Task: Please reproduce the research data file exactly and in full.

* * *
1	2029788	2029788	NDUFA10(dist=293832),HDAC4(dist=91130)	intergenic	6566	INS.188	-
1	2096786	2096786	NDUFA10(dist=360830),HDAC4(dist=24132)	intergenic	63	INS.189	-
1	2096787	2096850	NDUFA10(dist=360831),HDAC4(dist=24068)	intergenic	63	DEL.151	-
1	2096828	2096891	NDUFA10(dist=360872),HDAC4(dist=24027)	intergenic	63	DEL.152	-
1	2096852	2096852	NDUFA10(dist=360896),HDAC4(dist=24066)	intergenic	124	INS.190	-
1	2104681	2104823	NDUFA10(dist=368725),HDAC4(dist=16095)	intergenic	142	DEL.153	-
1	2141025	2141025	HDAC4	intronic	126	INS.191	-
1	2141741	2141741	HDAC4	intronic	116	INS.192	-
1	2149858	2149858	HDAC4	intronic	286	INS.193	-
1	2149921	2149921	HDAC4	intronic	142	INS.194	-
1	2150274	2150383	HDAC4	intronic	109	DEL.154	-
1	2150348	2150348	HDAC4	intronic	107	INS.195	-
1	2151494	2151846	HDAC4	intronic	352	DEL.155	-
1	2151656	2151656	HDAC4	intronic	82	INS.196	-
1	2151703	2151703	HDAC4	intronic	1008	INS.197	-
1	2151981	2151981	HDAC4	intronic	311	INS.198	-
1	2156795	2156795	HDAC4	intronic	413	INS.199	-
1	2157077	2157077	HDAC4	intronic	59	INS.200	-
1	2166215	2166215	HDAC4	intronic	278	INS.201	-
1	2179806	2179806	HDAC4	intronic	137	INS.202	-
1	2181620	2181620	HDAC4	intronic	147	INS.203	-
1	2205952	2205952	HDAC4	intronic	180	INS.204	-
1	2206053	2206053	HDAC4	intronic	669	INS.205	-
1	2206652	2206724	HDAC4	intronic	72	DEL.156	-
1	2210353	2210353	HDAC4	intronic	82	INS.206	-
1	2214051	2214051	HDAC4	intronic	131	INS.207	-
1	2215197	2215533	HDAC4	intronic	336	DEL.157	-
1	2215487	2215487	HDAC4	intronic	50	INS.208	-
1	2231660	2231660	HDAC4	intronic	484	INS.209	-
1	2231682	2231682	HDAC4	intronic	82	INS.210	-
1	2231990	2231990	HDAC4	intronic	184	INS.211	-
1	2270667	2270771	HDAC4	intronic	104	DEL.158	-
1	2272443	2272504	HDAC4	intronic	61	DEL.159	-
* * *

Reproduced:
1	2029788	2029788	NDUFA10(dist=293832),HDAC4(dist=91130)	intergenic	6566	INS.188	-
1	2096786	2096786	NDUFA10(dist=360830),HDAC4(dist=24132)	intergenic	63	INS.189	-
1	2096787	2096850	NDUFA10(dist=360831),HDAC4(dist=24068)	intergenic	63	DEL.151	-
1	2096828	2096891	NDUFA10(dist=360872),HDAC4(dist=24027)	intergenic	63	DEL.152	-
1	2096852	2096852	NDUFA10(dist=360896),HDAC4(dist=24066)	intergenic	124	INS.190	-
1	2104681	2104823	NDUFA10(dist=368725),HDAC4(dist=16095)	intergenic	142	DEL.153	-
1	2141025	2141025	HDAC4	intronic	126	INS.191	-
1	2141741	2141741	HDAC4	intronic	116	INS.192	-
1	2149858	2149858	HDAC4	intronic	286	INS.193	-
1	2149921	2149921	HDAC4	intronic	142	INS.194	-
1	2150274	2150383	HDAC4	intronic	109	DEL.154	-
1	2150348	2150348	HDAC4	intronic	107	INS.195	-
1	2151494	2151846	HDAC4	intronic	352	DEL.155	-
1	2151656	2151656	HDAC4	intronic	82	INS.196	-
1	2151703	2151703	HDAC4	intronic	1008	INS.197	-
1	2151981	2151981	HDAC4	intronic	311	INS.198	-
1	2156795	2156795	HDAC4	intronic	413	INS.199	-
1	2157077	2157077	HDAC4	intronic	59	INS.200	-
1	2166215	2166215	HDAC4	intronic	278	INS.201	-
1	2179806	2179806	HDAC4	intronic	137	INS.202	-
1	2181620	2181620	HDAC4	intronic	147	INS.203	-
1	2205952	2205952	HDAC4	intronic	180	INS.204	-
1	2206053	2206053	HDAC4	intronic	669	INS.205	-
1	2206652	2206724	HDAC4	intronic	72	DEL.156	-
1	2210353	2210353	HDAC4	intronic	82	INS.206	-
1	2214051	2214051	HDAC4	intronic	131	INS.207	-
1	2215197	2215533	HDAC4	intronic	336	DEL.157	-
1	2215487	2215487	HDAC4	intronic	50	INS.208	-
1	2231660	2231660	HDAC4	intronic	484	INS.209	-
1	2231682	2231682	HDAC4	intronic	82	INS.210	-
1	2231990	2231990	HDAC4	intronic	184	INS.211	-
1	2270667	2270771	HDAC4	intronic	104	DEL.158	-
1	2272443	2272504	HDAC4	intronic	61	DEL.159	-